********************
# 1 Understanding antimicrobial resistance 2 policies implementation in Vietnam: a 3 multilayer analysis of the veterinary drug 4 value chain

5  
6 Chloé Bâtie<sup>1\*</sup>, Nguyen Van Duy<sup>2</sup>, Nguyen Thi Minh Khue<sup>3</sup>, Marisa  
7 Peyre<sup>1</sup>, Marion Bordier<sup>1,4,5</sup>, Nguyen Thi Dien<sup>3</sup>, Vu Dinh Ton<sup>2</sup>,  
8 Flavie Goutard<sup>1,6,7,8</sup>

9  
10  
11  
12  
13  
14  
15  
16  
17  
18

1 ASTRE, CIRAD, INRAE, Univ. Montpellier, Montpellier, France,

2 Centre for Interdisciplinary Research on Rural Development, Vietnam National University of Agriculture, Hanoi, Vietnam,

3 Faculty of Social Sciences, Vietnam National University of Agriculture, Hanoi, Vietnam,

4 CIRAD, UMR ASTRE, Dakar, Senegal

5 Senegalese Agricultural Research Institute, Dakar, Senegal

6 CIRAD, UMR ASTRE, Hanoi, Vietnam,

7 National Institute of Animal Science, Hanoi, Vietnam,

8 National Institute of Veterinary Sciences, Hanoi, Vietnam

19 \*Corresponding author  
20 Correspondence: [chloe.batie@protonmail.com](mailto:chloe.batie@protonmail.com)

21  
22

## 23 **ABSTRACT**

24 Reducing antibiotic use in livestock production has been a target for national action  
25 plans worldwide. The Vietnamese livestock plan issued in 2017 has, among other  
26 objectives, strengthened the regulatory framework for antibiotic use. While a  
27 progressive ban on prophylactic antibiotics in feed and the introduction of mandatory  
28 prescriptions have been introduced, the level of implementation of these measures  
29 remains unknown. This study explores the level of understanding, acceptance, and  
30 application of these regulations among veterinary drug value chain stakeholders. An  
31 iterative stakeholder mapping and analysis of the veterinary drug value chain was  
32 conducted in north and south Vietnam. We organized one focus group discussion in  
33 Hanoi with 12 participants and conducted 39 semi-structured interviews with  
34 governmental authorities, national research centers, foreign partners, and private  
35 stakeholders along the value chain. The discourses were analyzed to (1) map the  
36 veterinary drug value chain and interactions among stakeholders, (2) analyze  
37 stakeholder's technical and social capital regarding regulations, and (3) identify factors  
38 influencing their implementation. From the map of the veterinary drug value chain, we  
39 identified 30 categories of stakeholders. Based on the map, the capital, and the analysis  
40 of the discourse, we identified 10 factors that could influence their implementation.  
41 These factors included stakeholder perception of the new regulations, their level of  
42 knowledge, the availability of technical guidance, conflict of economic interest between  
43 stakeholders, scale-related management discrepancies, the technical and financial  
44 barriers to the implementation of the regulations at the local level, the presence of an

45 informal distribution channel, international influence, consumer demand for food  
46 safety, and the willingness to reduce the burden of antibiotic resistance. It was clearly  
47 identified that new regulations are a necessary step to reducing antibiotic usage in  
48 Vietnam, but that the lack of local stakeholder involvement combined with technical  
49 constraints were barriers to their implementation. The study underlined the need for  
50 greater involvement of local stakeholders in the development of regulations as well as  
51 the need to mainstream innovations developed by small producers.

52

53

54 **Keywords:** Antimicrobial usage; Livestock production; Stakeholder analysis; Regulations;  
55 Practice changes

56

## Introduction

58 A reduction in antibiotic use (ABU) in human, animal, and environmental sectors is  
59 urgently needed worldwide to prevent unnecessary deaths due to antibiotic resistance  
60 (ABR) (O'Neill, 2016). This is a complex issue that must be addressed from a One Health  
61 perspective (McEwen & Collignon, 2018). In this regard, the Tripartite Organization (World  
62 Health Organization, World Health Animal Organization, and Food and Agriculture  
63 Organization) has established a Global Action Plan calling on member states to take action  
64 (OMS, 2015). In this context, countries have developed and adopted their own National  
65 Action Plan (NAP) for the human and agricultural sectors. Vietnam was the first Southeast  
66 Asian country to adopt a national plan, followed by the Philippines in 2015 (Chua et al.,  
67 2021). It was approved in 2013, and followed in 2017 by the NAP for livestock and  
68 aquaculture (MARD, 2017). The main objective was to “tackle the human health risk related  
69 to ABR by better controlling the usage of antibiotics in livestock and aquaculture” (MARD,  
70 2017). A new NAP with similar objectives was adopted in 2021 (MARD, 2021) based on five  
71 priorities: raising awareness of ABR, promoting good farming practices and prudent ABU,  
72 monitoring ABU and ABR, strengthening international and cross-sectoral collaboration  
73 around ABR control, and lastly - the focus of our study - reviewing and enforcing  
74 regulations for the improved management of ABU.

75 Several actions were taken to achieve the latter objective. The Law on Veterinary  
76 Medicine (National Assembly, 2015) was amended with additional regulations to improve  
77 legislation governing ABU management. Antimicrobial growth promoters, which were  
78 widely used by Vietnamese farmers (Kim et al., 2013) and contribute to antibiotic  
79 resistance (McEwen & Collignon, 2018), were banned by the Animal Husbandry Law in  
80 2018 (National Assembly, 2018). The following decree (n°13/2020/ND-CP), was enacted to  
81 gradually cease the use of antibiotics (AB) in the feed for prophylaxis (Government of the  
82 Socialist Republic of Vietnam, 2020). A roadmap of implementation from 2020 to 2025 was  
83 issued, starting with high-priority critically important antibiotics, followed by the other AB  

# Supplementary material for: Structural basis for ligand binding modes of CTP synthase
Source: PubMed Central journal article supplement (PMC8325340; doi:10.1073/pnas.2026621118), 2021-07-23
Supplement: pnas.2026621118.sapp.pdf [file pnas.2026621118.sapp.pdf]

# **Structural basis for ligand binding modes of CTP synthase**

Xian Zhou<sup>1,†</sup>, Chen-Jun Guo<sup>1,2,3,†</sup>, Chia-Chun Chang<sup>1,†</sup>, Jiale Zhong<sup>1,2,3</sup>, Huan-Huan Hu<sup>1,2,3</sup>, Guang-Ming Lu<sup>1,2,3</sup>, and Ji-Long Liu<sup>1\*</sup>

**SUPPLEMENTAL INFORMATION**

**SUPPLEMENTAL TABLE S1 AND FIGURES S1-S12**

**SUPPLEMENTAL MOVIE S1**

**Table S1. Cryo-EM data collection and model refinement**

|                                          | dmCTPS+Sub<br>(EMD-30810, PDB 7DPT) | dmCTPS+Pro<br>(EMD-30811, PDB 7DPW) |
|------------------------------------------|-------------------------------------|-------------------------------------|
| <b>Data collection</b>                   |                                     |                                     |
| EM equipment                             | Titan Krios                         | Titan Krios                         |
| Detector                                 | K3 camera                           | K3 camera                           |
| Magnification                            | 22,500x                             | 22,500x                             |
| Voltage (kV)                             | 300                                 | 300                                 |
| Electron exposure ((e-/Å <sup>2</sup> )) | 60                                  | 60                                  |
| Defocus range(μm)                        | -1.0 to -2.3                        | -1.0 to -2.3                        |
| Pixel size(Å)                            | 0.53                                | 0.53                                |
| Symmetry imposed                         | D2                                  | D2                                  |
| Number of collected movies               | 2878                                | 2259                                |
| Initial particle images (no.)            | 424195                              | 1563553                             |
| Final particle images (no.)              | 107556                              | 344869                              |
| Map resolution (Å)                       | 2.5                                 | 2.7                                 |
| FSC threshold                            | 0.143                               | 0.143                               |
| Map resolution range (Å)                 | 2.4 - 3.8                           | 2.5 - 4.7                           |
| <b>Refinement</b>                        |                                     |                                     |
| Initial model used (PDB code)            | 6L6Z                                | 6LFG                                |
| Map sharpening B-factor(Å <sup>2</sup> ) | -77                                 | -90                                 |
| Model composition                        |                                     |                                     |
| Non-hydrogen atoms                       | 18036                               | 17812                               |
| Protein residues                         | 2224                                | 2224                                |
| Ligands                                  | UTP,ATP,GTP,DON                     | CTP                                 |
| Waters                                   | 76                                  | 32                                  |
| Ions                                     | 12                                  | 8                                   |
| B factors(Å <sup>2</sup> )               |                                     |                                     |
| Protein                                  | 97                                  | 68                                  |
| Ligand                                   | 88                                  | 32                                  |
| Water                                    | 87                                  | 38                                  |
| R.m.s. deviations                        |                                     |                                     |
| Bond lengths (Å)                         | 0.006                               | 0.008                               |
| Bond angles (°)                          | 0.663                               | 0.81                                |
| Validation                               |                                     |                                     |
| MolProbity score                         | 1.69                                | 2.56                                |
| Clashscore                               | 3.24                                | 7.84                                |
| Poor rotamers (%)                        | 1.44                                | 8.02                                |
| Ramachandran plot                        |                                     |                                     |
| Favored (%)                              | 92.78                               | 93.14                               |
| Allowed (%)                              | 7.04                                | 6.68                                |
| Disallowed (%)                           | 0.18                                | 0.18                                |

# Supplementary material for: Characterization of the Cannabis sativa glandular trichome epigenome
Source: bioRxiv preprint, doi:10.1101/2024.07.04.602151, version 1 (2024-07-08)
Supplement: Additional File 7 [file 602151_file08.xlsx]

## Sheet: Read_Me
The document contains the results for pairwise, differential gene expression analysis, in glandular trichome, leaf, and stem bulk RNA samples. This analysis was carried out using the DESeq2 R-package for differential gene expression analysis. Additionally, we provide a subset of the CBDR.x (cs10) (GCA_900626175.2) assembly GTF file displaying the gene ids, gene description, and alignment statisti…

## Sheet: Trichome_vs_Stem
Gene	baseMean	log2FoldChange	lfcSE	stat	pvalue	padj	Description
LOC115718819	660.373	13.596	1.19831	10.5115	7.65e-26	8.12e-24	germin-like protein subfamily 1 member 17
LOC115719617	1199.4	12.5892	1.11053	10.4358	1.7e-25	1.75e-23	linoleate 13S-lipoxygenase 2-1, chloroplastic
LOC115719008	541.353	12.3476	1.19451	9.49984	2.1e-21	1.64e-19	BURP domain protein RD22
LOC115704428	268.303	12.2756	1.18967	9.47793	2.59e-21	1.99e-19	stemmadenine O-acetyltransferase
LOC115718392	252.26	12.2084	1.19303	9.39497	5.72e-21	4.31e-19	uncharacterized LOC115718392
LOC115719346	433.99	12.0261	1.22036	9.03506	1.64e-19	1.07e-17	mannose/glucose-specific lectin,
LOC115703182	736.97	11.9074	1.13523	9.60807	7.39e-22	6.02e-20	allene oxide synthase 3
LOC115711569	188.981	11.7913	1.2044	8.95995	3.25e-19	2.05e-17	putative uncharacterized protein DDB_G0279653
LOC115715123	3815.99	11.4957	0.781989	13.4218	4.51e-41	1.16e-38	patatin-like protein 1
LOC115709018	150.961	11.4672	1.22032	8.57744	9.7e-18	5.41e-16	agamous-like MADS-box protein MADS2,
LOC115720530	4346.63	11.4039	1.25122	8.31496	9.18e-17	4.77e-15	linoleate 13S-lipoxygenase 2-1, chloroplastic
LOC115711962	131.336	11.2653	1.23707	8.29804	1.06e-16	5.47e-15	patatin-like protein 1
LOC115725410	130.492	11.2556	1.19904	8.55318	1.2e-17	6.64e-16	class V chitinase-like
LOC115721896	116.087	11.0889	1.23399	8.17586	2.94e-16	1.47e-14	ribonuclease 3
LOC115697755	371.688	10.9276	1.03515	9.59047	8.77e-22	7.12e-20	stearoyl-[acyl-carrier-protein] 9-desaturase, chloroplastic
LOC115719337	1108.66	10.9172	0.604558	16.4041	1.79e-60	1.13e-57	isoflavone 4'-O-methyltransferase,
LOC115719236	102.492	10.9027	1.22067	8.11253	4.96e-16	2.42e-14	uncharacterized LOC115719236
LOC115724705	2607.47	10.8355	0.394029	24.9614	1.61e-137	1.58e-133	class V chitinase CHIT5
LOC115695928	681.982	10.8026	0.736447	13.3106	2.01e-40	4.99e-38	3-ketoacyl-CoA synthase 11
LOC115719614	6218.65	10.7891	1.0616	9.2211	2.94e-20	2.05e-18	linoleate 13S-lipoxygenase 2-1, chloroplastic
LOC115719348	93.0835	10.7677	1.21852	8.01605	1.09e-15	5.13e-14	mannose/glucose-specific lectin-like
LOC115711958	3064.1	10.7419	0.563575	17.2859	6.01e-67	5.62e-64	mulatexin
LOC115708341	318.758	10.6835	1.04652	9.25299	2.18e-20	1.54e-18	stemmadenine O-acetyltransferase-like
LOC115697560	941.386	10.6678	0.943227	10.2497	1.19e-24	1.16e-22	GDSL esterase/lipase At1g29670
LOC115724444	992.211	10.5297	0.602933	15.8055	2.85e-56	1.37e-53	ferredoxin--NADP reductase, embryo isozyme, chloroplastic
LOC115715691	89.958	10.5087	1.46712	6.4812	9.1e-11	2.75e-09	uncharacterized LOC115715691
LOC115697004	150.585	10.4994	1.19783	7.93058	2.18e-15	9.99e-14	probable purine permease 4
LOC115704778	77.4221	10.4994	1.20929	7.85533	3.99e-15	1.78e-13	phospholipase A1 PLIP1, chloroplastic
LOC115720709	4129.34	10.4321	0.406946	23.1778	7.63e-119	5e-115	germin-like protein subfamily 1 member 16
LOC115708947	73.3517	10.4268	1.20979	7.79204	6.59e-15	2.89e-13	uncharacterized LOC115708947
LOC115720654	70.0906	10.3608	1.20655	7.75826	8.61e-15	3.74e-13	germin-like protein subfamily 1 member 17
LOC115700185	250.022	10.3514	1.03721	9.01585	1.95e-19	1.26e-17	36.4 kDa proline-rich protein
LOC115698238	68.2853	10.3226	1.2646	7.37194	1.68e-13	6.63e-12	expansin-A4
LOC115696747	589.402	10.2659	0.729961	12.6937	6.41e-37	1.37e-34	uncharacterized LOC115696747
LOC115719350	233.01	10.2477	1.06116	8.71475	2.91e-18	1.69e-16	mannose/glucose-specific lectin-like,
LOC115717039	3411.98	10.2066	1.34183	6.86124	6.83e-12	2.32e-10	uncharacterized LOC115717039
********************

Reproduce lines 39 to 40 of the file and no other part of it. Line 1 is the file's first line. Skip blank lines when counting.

34 governmental authorities, national research centers, foreign partners, and private  
35 stakeholders along the value chain. The discourses were analyzed to (1) map the  